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Cover image for Pee Wee's tale
Pee Wee's tale





Publication Information:
New York : SeaStar Books, 2000.
Physical Description:
104 pages : illustrations ; 18 cm
Series title(s):
A birthday present -- In the dark -- A new world -- Lessons from Lexi -- A picnic in the park -- Words with a warning -- I meet a group of children -- Water from above -- Water down below -- Life in the park -- Robbie.
When his owner's parents let him go in Central Park, a young guinea pig learns to survive in the natural world with the help of a "park-wise" squirrel while trying to find his way back home.
Program Information:
AR 4.7 2.0.
Added Author:


Call Number
J Hurwitz, J.

On Order



A guinea pig in Central Park? PeeWee, once a boy's dear pet, has been secretly released into the wilds of Central Park. But instead of relishing his freedom, PeeWee is at first a stranger in a strange land--until he meets Lexi, a city-wise squirrel who gives his new stubby-tailed friend some tips as well as some confidence. A series of eye-opening adventures--from the search for PeeWee's former owner to his discovery of the power of reading--turns a timid rodent into an endearing hero that will leave Hurwitz fans cheering for more.

Author Notes

Children's author, Johanna Hurwitz was born and raised in New York City. She attended Queens College where she earned a Bachelor of Arts degree and then Columbia University for her master's in Library Science.

She worked as a librarian and taught graduate courses in children's literature and storytelling. Her first title, Busybody Nora was published in 1976 and she has been writing a book or two a year ever since. Her other titles include Dear Emma, Summer with Elisa, A Llama in the Family, Busybody Nora and the Adventures of Ali Baba Bernstein. She has written over 60 titles.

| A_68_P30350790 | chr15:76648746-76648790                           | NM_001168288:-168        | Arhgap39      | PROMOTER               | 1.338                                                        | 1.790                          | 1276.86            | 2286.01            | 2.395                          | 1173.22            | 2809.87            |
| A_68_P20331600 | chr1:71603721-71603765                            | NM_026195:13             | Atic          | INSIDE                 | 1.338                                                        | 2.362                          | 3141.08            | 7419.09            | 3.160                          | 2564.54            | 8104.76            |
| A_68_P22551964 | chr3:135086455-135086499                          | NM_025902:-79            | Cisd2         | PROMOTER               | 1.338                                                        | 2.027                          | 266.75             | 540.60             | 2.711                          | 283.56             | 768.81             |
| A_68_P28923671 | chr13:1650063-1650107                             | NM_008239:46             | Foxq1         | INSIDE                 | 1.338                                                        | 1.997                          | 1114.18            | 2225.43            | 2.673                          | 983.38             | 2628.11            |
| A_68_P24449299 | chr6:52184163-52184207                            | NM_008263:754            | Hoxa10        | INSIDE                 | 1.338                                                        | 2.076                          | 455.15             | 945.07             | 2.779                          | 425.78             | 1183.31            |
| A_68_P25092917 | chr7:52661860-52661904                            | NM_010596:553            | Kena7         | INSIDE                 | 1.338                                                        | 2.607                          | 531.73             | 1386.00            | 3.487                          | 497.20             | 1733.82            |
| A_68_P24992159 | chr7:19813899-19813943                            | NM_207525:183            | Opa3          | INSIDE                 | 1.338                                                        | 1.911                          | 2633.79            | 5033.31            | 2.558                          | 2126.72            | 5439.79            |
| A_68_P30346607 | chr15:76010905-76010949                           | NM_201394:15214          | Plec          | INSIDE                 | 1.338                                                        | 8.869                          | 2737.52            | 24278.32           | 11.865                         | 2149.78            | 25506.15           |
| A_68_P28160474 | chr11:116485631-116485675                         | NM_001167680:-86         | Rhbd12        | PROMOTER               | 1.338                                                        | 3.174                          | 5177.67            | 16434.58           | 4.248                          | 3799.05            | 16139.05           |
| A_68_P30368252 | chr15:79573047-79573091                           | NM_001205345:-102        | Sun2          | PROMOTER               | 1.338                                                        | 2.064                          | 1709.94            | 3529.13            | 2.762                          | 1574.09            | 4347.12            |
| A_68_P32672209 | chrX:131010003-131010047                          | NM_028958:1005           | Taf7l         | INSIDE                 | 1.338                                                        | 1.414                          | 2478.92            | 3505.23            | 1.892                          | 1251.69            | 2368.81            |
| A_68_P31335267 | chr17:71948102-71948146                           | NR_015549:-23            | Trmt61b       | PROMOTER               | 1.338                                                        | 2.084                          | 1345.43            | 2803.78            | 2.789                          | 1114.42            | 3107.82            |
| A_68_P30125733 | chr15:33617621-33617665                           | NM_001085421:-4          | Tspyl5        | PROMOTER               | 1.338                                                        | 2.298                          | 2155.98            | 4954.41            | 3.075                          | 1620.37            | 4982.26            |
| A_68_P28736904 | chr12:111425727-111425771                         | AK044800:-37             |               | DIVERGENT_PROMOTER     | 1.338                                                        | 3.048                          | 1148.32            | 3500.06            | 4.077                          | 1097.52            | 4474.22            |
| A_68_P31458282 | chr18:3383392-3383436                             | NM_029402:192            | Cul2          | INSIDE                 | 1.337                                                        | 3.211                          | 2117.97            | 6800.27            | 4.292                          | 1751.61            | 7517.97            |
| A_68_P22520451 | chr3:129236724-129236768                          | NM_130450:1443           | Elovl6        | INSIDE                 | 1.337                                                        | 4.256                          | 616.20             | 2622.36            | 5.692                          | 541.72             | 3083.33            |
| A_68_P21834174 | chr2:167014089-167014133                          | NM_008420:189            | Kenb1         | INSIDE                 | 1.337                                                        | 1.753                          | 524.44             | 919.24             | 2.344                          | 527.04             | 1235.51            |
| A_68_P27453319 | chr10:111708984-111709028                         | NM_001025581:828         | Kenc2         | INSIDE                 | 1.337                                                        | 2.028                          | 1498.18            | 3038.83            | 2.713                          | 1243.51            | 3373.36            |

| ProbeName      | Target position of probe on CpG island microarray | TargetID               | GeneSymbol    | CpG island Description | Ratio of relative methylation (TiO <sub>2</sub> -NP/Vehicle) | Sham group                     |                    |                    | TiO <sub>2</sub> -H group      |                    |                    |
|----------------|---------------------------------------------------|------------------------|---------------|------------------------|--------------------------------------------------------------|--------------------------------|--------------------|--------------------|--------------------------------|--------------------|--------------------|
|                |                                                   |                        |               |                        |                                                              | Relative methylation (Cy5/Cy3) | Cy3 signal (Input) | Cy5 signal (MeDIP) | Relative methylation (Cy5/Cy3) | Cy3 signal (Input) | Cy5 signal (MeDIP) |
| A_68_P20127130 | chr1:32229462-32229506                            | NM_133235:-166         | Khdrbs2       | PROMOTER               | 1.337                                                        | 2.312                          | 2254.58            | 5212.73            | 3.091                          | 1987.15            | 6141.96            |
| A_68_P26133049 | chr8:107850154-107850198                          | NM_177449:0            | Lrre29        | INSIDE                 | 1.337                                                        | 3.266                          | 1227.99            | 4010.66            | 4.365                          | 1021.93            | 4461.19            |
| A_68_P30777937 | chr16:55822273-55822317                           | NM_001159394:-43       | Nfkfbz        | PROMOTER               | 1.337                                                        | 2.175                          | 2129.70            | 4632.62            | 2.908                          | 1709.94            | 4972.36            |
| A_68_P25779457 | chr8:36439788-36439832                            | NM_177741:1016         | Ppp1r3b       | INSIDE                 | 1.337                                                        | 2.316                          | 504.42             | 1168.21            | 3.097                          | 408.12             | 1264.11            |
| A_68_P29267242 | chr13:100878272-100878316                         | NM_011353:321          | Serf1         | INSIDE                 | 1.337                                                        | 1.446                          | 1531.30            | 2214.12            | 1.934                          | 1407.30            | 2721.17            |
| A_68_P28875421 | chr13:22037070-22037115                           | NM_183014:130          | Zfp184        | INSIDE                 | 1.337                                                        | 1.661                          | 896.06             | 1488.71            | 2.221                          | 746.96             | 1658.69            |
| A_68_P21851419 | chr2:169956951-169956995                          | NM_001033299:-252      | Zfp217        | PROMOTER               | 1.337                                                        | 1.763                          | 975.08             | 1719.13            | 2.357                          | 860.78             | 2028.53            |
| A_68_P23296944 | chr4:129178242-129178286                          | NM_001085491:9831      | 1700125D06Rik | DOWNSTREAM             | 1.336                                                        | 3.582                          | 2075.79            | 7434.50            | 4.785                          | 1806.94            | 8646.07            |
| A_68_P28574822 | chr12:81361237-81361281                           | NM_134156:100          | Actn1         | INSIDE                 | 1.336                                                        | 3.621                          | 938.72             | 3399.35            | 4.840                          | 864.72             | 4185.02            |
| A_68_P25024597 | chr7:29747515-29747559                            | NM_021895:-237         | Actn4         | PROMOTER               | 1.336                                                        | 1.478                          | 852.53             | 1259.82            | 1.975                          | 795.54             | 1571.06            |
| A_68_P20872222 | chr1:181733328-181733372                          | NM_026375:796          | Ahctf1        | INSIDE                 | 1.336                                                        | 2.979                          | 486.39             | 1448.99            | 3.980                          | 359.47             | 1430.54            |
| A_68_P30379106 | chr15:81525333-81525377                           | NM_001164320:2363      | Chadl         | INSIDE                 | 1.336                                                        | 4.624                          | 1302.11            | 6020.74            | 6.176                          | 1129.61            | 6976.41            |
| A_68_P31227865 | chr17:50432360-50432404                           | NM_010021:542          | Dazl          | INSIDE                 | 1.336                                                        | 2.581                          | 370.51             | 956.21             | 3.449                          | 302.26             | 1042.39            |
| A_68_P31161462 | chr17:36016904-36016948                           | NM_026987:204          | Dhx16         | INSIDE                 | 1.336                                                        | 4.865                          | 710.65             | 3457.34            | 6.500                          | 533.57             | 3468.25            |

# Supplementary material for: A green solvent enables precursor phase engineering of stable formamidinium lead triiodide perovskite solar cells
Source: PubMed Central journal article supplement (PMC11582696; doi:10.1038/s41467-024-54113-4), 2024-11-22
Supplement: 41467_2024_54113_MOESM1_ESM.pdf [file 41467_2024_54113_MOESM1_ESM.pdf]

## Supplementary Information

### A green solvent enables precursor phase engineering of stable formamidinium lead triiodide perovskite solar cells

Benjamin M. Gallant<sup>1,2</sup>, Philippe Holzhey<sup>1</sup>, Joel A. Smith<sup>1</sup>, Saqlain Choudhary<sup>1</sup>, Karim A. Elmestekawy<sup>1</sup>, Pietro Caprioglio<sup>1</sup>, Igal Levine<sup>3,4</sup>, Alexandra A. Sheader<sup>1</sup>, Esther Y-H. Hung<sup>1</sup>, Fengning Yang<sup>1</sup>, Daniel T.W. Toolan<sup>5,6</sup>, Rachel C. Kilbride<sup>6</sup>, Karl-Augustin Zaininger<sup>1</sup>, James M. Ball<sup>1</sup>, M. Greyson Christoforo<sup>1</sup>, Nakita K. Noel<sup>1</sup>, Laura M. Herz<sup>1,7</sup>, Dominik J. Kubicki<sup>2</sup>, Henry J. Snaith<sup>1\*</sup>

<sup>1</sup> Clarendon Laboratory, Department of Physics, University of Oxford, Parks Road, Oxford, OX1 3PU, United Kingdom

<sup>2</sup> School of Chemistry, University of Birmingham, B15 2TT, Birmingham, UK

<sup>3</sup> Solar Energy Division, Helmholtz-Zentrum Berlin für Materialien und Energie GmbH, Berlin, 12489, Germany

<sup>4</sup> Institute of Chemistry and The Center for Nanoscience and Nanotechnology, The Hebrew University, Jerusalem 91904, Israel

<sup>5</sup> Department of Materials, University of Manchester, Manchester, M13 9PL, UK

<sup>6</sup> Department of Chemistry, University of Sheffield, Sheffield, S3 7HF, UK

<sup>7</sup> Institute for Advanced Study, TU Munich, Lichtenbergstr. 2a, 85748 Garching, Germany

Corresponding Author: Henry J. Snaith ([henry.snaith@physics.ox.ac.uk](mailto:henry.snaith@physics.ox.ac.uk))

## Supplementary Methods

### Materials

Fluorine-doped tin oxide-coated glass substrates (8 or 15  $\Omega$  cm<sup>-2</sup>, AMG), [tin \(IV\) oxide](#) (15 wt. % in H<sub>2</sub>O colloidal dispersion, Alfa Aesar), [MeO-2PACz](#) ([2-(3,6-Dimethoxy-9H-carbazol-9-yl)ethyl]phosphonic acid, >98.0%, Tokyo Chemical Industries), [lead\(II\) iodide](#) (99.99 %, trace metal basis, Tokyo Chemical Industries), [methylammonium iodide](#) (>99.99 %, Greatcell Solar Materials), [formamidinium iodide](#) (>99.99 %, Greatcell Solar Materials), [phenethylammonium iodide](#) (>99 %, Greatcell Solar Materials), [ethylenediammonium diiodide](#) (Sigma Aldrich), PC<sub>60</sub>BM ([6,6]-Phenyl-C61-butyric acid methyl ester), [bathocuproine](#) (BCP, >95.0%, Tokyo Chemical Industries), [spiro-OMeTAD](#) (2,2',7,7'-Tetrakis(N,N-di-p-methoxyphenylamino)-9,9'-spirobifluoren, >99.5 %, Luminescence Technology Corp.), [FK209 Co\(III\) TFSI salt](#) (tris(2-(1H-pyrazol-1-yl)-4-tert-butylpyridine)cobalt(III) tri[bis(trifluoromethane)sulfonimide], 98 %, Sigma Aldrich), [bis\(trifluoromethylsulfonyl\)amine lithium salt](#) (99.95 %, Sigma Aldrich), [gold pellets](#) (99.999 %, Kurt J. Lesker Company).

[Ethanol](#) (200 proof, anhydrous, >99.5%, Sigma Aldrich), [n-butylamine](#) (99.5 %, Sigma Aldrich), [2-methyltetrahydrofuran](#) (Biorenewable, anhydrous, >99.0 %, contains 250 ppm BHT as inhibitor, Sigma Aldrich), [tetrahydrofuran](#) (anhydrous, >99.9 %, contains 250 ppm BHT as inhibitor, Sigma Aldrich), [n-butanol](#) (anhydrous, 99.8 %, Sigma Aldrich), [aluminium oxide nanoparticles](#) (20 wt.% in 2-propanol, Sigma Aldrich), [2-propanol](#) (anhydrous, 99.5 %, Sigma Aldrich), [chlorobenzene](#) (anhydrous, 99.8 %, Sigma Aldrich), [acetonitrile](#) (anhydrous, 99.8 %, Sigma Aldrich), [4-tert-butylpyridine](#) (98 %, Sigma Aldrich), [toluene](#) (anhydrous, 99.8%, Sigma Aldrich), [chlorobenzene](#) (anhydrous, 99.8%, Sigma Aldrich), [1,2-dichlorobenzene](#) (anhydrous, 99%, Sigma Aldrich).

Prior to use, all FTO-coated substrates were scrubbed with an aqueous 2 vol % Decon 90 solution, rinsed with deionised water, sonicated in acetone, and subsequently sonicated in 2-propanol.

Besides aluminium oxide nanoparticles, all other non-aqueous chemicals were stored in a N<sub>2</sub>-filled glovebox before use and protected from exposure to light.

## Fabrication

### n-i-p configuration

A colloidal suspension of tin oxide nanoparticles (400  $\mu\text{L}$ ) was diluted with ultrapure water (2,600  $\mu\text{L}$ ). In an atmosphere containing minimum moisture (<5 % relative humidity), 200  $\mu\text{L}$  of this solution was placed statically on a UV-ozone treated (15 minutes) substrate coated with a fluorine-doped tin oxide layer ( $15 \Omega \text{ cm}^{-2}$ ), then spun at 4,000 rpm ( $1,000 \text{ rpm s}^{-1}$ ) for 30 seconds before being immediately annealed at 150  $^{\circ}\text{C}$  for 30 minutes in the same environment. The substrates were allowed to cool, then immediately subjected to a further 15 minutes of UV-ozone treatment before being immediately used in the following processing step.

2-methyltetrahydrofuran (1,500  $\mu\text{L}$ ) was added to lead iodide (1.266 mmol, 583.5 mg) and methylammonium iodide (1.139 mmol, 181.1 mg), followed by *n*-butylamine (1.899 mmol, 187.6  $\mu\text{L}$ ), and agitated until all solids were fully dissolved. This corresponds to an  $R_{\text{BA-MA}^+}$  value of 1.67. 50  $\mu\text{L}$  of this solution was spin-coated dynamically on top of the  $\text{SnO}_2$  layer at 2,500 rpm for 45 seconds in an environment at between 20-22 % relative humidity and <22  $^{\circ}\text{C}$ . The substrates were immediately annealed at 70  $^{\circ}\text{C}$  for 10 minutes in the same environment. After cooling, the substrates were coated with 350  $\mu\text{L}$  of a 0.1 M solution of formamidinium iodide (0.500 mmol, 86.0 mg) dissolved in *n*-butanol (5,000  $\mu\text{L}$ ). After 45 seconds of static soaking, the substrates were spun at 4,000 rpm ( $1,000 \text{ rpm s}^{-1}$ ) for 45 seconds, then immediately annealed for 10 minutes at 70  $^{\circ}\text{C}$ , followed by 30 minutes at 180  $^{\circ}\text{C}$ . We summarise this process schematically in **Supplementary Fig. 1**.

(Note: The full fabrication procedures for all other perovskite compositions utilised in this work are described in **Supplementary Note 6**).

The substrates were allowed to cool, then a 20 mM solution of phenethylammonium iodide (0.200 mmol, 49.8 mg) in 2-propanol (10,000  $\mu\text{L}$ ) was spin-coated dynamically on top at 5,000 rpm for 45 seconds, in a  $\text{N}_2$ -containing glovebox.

Her works have won her several state awards, including the Texas Bluebonnet Award, the Kentucky Bluegrass Award, the Garden State Children's Choice Award, and the Wyoming Indian Paintbrush Award.

(Bowker Author Biography)

Reviews 5

School Library Journal Review

Gr 2-4-A charming chapter book for newly independent readers. Your average guinea pig would be ill-equipped for the rigors of life in New York City's Central Park, but PeeWee is far from average. He has learned to read from the newspaper scraps on the bottom of his cage. That talent alone isn't enough to protect him from the myriad perils of the park, but fortunately PeeWee also befriends a squirrel who teaches him how to watch his back. The story is loaded with simple, generally nonintrusive messages about the values of friendship, freedom, and reading. PeeWee is an appealing protagonist, intelligent and resourceful and brave when it really counts. The park's animal inhabitants always act in character for their various species as they scratch, scamper, and dig their way around their leafy urban home. Brewster's black-and-white drawings depict PeeWee and his squirrel friend as rumpled, big-eyed cuties, but PeeWee's many brushes with danger provide more than enough drama to offset the occasionally excessive sweetness of the illustrations.-Beth Wright, Fletcher Free Library, Burlington, VT (c) Copyright 2010. Library Journals LLC, a wholly owned subsidiary of Media Source, Inc. No redistribution permitted.

Publisher's Weekly Review